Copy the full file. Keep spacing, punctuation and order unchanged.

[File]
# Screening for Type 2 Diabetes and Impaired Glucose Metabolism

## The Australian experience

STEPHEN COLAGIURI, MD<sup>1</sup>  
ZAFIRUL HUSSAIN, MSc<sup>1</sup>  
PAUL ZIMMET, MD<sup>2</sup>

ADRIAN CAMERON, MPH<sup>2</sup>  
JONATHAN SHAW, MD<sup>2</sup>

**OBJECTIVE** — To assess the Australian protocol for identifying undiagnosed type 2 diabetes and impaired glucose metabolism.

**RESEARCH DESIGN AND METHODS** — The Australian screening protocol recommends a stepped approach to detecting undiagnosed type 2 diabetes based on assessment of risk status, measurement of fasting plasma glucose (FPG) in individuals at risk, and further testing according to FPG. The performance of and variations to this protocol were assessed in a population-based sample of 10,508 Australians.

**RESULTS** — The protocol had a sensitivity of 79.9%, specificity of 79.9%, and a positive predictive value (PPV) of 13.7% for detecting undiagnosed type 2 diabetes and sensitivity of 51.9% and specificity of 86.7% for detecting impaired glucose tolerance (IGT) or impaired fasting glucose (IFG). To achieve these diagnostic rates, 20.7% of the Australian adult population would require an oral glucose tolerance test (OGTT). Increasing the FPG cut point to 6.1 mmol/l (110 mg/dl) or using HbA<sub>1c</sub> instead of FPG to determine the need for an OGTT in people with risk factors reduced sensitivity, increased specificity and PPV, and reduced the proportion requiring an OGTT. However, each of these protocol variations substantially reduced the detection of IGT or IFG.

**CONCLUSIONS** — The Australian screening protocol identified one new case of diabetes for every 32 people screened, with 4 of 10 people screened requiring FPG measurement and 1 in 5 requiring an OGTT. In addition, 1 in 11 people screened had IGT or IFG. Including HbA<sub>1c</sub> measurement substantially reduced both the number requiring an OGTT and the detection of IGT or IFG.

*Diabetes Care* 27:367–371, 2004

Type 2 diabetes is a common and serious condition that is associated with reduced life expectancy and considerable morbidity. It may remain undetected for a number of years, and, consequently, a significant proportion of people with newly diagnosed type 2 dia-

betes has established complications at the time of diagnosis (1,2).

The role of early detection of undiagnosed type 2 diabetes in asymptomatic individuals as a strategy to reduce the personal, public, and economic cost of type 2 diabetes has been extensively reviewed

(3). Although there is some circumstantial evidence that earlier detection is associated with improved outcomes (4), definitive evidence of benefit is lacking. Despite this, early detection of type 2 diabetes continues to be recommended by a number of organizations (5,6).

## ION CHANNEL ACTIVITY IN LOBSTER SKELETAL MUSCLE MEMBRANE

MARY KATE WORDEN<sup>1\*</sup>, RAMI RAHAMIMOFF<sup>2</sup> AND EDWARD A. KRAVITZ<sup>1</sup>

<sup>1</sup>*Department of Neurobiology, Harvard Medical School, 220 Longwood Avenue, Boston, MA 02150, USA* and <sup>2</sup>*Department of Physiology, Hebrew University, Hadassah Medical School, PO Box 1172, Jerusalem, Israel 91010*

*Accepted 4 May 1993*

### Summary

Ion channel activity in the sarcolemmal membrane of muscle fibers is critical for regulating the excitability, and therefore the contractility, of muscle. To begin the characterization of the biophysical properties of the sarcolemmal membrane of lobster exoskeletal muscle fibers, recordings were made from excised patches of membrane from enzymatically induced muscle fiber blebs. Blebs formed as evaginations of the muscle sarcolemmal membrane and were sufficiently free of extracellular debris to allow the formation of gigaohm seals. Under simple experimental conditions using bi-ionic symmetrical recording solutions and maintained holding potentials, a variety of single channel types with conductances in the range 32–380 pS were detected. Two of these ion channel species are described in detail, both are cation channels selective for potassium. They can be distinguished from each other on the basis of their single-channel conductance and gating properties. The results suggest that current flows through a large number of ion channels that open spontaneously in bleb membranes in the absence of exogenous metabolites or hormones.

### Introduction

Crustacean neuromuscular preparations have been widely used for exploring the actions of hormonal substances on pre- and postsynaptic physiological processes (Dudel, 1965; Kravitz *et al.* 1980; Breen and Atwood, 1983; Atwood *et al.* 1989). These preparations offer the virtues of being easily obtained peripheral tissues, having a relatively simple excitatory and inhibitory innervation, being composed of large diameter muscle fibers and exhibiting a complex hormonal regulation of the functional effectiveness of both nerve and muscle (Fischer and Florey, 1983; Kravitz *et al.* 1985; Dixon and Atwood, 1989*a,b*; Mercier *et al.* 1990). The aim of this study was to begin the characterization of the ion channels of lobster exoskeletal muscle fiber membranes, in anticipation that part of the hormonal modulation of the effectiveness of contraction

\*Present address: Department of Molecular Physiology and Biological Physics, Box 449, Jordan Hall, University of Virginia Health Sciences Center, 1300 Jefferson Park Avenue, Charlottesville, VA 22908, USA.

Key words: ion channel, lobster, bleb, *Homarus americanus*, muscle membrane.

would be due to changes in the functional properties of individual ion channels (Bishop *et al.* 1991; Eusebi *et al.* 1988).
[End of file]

# Screening for Type 2 Diabetes and Impaired Glucose Metabolism

## The Australian experience

STEPHEN COLAGIURI, MD<sup>1</sup>  
ZAFIRUL HUSSAIN, MSc<sup>1</sup>  
PAUL ZIMMET, MD<sup>2</sup>

ADRIAN CAMERON, MPH<sup>2</sup>  
JONATHAN SHAW, MD<sup>2</sup>

**OBJECTIVE** — To assess the Australian protocol for identifying undiagnosed type 2 diabetes and impaired glucose metabolism.

**RESEARCH DESIGN AND METHODS** — The Australian screening protocol recommends a stepped approach to detecting undiagnosed type 2 diabetes based on assessment of risk status, measurement of fasting plasma glucose (FPG) in individuals at risk, and further testing according to FPG. The performance of and variations to this protocol were assessed in a population-based sample of 10,508 Australians.

**RESULTS** — The protocol had a sensitivity of 79.9%, specificity of 79.9%, and a positive predictive value (PPV) of 13.7% for detecting undiagnosed type 2 diabetes and sensitivity of 51.9% and specificity of 86.7% for detecting impaired glucose tolerance (IGT) or impaired fasting glucose (IFG). To achieve these diagnostic rates, 20.7% of the Australian adult population would require an oral glucose tolerance test (OGTT). Increasing the FPG cut point to 6.1 mmol/l (110 mg/dl) or using HbA<sub>1c</sub> instead of FPG to determine the need for an OGTT in people with risk factors reduced sensitivity, increased specificity and PPV, and reduced the proportion requiring an OGTT. However, each of these protocol variations substantially reduced the detection of IGT or IFG.

**CONCLUSIONS** — The Australian screening protocol identified one new case of diabetes for every 32 people screened, with 4 of 10 people screened requiring FPG measurement and 1 in 5 requiring an OGTT. In addition, 1 in 11 people screened had IGT or IFG. Including HbA<sub>1c</sub> measurement substantially reduced both the number requiring an OGTT and the detection of IGT or IFG.

*Diabetes Care* 27:367–371, 2004

Type 2 diabetes is a common and serious condition that is associated with reduced life expectancy and considerable morbidity. It may remain undetected for a number of years, and, consequently, a significant proportion of people with newly diagnosed type 2 dia-

betes has established complications at the time of diagnosis (1,2).

The role of early detection of undiagnosed type 2 diabetes in asymptomatic individuals as a strategy to reduce the personal, public, and economic cost of type 2 diabetes has been extensively reviewed

(3). Although there is some circumstantial evidence that earlier detection is associated with improved outcomes (4), definitive evidence of benefit is lacking. Despite this, early detection of type 2 diabetes continues to be recommended by a number of organizations (5,6).

## ION CHANNEL ACTIVITY IN LOBSTER SKELETAL MUSCLE MEMBRANE

MARY KATE WORDEN<sup>1\*</sup>, RAMI RAHAMIMOFF<sup>2</sup> AND EDWARD A. KRAVITZ<sup>1</sup>

<sup>1</sup>*Department of Neurobiology, Harvard Medical School, 220 Longwood Avenue, Boston, MA 02150, USA* and <sup>2</sup>*Department of Physiology, Hebrew University, Hadassah Medical School, PO Box 1172, Jerusalem, Israel 91010*

*Accepted 4 May 1993*

### Summary

Ion channel activity in the sarcolemmal membrane of muscle fibers is critical for regulating the excitability, and therefore the contractility, of muscle. To begin the characterization of the biophysical properties of the sarcolemmal membrane of lobster exoskeletal muscle fibers, recordings were made from excised patches of membrane from enzymatically induced muscle fiber blebs. Blebs formed as evaginations of the muscle sarcolemmal membrane and were sufficiently free of extracellular debris to allow the formation of gigaohm seals. Under simple experimental conditions using bi-ionic symmetrical recording solutions and maintained holding potentials, a variety of single channel types with conductances in the range 32–380 pS were detected. Two of these ion channel species are described in detail, both are cation channels selective for potassium. They can be distinguished from each other on the basis of their single-channel conductance and gating properties. The results suggest that current flows through a large number of ion channels that open spontaneously in bleb membranes in the absence of exogenous metabolites or hormones.

### Introduction

Crustacean neuromuscular preparations have been widely used for exploring the actions of hormonal substances on pre- and postsynaptic physiological processes (Dudel, 1965; Kravitz *et al.* 1980; Breen and Atwood, 1983; Atwood *et al.* 1989). These preparations offer the virtues of being easily obtained peripheral tissues, having a relatively simple excitatory and inhibitory innervation, being composed of large diameter muscle fibers and exhibiting a complex hormonal regulation of the functional effectiveness of both nerve and muscle (Fischer and Florey, 1983; Kravitz *et al.* 1985; Dixon and Atwood, 1989*a,b*; Mercier *et al.* 1990). The aim of this study was to begin the characterization of the ion channels of lobster exoskeletal muscle fiber membranes, in anticipation that part of the hormonal modulation of the effectiveness of contraction

\*Present address: Department of Molecular Physiology and Biological Physics, Box 449, Jordan Hall, University of Virginia Health Sciences Center, 1300 Jefferson Park Avenue, Charlottesville, VA 22908, USA.

Key words: ion channel, lobster, bleb, *Homarus americanus*, muscle membrane.

would be due to changes in the functional properties of individual ion channels (Bishop *et al.* 1991; Eusebi *et al.* 1988).